Watching America’s death penalty moves from a half year into my stay in Europe has been interesting. As Erik Eckholm and Katie Zezima report in Saturday’s NY Times, the ability of US states to get the drugs for their lethal injection cocktails has been hampered by the complete resistance of any and almost every European country. European Community treaties not only forbid any member states from using a death penalty, they commit them to working to eliminate the death penalty internationally. In the latest instance, the American company that produces sodium thiopental does so in Italy, which will not allow it to export drugs for execution purposes. Even the country governed by Silvio Berlusconi, arguably George Bush’s best friend in Europe next to Tony Blair (but unlike Tony, still in power for a few more minutes at least) won’t give us our death drugs.
It is not that any one obstacle like this will halt the death penalty in the U.S., but drip by drip they are a reminder that strong opposition to America’s use of capital punishment is a uniform and accepted value by virtually all players in the European political spectrum. You will not find conservative European leaders (outside perhaps the racist fringe parties and perhaps not all of them) who will back the U.S. on capital punishment. Even leaders, who unlike Silvio Berlusconi, have political capital to spare, like David Cameron in the UK and Angela Merkel in Germany, are not going to waste it supporting America’s execution habit. While many of their constituents continue to say they would like to have death penalty available, they do not hold their leaders even a tiny bit accountable for not giving them one.
Many Americans assume that Europeans couldn’t possibly understand our death penalty needs. They may assume that European societies are low violence, relatively homogenous racially, and generally pacifists when it comes to punishing criminals. This picture is as badly out of date as the parallel assumption that the U.S. has a more successful economy for average people. In fact violence remains low by U.S. standards (remember most of Europe does not tolerate private gun ownership beyond hunting weapons and then with strict licensing), but fear of violent crime is a powerful feature of politics in all of the major European countries, much of it fueled by the loss of homogeneity and anxiety about immigration.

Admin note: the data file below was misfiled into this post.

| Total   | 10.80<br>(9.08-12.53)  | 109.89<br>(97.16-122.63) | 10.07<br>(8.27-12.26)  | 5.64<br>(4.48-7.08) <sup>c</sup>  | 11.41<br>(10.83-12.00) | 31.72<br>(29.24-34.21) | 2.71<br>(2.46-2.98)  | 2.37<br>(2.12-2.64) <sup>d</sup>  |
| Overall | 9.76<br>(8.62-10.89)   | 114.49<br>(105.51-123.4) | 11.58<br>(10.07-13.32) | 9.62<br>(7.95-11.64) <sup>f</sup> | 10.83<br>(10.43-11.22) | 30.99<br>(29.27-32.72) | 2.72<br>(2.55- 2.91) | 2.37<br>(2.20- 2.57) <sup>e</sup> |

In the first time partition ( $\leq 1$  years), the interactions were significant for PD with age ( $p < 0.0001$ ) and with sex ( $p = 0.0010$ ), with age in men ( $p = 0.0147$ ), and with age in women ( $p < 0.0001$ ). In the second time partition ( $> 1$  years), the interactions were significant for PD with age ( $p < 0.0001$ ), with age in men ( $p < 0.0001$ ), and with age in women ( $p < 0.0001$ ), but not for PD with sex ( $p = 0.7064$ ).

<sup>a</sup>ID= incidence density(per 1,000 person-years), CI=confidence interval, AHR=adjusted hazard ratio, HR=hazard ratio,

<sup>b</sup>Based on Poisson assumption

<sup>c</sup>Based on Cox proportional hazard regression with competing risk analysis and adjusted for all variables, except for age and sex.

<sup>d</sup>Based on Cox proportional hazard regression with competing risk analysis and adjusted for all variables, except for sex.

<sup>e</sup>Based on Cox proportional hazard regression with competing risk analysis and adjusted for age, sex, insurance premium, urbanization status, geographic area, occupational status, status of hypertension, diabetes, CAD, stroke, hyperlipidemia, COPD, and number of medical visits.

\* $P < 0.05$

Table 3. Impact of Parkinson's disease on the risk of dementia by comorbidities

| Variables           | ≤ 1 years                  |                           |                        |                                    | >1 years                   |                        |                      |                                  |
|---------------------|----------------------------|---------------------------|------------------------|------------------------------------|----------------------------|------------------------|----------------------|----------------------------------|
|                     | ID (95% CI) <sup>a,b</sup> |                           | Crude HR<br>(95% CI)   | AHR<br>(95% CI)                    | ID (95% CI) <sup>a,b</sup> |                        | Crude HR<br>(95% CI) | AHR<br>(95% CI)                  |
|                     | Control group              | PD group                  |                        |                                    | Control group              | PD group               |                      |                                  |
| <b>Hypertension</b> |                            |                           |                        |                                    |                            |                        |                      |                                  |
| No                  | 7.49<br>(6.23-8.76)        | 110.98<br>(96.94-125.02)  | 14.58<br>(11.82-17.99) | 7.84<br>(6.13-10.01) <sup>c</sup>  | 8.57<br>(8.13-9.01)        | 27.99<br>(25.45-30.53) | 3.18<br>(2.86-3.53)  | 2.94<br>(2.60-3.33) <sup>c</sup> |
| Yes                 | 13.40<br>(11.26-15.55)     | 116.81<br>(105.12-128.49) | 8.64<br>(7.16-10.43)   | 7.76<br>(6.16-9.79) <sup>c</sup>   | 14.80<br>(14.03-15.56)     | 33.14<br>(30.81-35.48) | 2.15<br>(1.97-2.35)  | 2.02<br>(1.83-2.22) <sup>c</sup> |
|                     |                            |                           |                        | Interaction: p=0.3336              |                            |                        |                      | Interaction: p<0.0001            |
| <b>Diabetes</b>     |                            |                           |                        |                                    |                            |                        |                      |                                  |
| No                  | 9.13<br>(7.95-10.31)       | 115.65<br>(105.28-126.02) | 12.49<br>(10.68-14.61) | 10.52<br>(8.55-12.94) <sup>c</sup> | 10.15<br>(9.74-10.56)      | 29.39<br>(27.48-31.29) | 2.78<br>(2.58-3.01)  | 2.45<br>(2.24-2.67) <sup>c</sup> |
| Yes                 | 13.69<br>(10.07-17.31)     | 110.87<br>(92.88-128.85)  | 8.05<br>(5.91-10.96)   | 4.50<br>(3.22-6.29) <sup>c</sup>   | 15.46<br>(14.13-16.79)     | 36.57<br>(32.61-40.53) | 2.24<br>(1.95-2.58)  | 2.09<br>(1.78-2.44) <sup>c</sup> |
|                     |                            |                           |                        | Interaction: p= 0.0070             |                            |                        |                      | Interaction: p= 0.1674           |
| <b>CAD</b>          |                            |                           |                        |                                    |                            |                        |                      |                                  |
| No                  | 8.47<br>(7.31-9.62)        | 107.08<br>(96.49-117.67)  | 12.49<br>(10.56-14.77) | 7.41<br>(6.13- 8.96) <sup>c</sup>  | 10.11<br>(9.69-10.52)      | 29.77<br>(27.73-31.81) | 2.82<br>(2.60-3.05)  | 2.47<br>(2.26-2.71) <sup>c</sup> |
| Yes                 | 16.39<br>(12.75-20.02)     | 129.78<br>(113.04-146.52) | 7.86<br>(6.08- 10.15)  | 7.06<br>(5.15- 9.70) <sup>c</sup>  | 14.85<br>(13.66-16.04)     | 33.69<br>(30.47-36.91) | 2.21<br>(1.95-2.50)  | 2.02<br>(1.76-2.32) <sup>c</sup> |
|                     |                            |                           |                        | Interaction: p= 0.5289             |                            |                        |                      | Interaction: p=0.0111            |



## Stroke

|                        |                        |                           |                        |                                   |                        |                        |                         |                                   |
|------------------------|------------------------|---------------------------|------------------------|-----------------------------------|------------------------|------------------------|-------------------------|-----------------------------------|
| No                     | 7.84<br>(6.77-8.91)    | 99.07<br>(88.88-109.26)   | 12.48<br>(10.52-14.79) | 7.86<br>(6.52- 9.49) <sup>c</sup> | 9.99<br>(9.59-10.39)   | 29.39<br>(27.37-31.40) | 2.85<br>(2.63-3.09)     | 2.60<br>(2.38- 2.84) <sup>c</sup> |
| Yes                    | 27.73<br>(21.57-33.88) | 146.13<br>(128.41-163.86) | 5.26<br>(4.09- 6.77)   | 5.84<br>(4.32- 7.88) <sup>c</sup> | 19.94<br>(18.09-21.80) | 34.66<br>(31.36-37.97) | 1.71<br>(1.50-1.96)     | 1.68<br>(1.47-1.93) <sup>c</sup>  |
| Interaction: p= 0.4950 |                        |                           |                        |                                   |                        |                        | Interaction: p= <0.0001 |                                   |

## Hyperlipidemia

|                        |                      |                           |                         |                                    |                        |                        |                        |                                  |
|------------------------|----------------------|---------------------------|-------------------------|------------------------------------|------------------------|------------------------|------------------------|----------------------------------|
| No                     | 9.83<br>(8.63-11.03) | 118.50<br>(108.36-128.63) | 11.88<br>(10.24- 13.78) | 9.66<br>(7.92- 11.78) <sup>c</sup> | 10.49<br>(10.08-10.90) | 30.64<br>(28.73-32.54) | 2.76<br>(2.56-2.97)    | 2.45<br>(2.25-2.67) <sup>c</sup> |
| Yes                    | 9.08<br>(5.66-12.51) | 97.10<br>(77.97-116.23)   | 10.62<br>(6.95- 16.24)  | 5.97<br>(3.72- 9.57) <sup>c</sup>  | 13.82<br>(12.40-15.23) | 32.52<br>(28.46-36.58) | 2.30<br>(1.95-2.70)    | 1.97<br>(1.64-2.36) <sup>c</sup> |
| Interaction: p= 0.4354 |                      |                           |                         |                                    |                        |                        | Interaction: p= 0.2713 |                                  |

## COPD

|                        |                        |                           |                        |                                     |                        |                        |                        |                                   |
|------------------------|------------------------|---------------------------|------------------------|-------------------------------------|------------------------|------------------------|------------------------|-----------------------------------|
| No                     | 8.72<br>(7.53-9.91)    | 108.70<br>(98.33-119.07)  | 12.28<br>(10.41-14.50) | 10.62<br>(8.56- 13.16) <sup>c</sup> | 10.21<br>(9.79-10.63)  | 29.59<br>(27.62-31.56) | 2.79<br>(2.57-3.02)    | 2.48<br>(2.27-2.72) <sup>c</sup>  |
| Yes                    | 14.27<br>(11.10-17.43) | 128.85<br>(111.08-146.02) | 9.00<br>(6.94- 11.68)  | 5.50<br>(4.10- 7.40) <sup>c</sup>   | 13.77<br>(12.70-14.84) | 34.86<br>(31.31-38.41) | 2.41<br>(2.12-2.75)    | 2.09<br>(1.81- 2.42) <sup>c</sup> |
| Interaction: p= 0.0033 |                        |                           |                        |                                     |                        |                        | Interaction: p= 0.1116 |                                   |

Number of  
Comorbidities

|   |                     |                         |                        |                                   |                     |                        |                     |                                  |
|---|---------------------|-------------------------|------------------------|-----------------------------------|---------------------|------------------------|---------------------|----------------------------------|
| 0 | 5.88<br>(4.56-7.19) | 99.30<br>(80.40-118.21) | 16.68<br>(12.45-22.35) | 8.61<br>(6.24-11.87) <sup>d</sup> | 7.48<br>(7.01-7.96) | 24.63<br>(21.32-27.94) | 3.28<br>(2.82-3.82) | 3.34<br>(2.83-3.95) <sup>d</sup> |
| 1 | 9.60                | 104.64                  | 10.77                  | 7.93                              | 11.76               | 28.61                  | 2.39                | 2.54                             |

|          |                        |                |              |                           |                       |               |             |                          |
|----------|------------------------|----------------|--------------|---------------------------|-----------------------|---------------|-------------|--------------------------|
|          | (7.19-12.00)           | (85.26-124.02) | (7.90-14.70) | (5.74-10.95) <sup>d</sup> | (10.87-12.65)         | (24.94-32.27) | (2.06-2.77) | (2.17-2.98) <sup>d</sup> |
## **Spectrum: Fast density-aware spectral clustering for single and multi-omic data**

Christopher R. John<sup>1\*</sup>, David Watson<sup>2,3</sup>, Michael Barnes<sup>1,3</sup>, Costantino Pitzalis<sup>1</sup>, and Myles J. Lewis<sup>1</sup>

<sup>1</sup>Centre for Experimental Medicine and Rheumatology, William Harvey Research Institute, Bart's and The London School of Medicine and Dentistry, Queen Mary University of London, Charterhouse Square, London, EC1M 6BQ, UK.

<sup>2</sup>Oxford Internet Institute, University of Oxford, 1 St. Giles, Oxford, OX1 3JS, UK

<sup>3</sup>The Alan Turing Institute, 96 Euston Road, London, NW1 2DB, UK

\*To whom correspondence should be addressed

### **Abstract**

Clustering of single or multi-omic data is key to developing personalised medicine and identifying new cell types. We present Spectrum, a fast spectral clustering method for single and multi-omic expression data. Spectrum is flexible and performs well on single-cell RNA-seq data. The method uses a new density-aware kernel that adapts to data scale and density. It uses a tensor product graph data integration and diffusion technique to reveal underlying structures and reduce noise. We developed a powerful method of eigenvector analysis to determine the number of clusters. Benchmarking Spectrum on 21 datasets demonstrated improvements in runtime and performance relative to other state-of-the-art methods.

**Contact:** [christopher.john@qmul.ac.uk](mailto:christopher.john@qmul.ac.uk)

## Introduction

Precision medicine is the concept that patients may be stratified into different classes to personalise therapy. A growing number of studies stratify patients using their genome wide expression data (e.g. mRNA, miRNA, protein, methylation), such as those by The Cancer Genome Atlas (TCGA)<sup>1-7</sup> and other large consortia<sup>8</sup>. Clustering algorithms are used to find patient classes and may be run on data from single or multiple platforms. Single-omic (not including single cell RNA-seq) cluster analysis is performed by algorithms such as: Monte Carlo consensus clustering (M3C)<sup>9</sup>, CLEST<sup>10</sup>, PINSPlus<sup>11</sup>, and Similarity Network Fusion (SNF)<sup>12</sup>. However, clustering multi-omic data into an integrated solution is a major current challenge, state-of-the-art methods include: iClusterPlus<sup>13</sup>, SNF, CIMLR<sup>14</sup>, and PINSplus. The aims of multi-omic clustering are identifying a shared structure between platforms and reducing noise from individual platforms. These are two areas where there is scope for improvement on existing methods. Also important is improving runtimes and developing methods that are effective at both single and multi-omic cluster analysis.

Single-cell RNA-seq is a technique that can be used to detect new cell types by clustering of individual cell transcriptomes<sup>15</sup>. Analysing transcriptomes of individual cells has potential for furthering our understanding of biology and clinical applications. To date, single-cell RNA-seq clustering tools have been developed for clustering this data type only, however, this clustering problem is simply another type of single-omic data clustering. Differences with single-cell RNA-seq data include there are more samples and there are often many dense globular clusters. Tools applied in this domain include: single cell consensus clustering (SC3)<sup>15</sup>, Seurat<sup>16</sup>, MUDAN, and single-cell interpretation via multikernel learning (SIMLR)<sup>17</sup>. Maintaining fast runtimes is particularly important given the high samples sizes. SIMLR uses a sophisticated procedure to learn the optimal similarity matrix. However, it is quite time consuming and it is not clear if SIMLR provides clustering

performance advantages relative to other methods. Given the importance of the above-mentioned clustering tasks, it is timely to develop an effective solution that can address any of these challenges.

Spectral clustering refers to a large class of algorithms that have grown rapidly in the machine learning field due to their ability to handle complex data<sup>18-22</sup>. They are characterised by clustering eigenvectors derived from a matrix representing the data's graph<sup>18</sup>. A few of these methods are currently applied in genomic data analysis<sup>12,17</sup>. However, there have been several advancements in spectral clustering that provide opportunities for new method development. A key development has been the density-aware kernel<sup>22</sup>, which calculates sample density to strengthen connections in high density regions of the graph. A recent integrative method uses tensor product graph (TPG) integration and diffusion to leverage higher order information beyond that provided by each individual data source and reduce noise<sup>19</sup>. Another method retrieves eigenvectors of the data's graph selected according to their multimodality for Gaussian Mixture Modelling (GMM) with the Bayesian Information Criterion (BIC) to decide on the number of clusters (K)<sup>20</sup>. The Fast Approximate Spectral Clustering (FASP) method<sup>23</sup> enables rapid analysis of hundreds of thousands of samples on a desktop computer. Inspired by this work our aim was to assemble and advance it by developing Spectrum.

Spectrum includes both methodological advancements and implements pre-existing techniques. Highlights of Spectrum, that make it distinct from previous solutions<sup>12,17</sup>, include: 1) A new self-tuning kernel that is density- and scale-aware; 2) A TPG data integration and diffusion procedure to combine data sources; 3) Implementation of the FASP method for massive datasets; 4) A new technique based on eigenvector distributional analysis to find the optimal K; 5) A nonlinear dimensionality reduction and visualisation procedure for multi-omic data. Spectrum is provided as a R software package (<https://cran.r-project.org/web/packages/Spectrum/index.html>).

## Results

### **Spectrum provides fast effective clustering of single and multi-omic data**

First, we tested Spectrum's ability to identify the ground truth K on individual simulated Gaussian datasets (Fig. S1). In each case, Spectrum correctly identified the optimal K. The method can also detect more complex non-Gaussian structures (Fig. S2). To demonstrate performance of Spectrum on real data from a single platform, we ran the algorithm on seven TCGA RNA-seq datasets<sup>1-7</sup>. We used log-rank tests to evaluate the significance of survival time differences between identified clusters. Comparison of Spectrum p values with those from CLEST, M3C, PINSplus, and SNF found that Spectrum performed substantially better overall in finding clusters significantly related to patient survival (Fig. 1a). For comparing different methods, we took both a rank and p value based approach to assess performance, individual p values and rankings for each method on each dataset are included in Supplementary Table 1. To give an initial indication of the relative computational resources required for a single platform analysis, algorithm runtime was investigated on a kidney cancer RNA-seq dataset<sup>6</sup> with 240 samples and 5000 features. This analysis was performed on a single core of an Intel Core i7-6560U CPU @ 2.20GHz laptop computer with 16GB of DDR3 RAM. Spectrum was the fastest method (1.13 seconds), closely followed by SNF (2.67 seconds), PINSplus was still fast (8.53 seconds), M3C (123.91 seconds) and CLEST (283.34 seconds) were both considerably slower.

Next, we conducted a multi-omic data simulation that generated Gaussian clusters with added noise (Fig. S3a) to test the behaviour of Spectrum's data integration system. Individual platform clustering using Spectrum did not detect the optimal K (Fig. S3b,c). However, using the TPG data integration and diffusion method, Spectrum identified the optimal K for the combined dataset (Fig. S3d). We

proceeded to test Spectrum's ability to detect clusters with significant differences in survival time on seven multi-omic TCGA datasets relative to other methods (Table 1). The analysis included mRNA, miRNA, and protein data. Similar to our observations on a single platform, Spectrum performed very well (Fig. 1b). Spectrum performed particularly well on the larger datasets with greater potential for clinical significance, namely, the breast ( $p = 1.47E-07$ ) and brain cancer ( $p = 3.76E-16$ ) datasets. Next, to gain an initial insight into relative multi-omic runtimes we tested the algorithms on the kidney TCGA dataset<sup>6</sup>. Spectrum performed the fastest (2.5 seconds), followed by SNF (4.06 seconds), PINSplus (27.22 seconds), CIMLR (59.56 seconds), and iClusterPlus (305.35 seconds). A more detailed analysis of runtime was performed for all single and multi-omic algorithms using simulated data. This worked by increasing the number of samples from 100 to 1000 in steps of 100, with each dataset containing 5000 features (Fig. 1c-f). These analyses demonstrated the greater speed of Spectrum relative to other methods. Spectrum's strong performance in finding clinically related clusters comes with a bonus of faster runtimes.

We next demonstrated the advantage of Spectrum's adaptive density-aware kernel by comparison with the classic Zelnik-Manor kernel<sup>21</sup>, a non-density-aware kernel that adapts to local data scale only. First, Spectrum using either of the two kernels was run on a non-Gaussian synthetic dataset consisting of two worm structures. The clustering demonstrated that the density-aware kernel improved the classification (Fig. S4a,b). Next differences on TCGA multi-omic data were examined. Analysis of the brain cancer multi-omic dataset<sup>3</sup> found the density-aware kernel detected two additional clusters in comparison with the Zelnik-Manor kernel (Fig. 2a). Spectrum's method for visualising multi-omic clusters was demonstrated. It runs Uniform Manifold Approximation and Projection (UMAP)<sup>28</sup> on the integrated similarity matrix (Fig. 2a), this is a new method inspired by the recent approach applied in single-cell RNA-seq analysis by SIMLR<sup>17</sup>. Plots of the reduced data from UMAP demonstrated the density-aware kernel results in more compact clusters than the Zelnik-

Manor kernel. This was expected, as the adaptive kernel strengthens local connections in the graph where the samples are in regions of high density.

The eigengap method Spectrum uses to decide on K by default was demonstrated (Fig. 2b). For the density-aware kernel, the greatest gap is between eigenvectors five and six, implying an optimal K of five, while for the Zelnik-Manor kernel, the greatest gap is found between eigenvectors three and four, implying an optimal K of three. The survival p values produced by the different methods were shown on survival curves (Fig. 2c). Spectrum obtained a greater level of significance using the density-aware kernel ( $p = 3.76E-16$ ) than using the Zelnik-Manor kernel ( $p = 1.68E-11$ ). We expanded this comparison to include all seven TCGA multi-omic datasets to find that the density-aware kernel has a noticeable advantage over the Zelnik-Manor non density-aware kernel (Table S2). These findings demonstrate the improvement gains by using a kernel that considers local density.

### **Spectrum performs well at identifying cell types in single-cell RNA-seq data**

Nor are Europeans any longer to be counted as “soft on crime.” They do not use imprisonment nearly as indiscriminately (another reason their economies may be doing better) but they are increasingly punishing violent crime with long sentences and demanding better police efforts to solve and prevent violence. What they appreciate, even the ones that wouldn’t mind having a death penalty, is that capital punishment would contribute next to nothing to protecting them from violent crime and would cost a lot of capital (Euros or Pounds) that nobody wants to pay more taxes for.
That idea is also just beginning to spread across the United States.
Cross-posted from Jonathan Simon’s blog Governing Through Crime.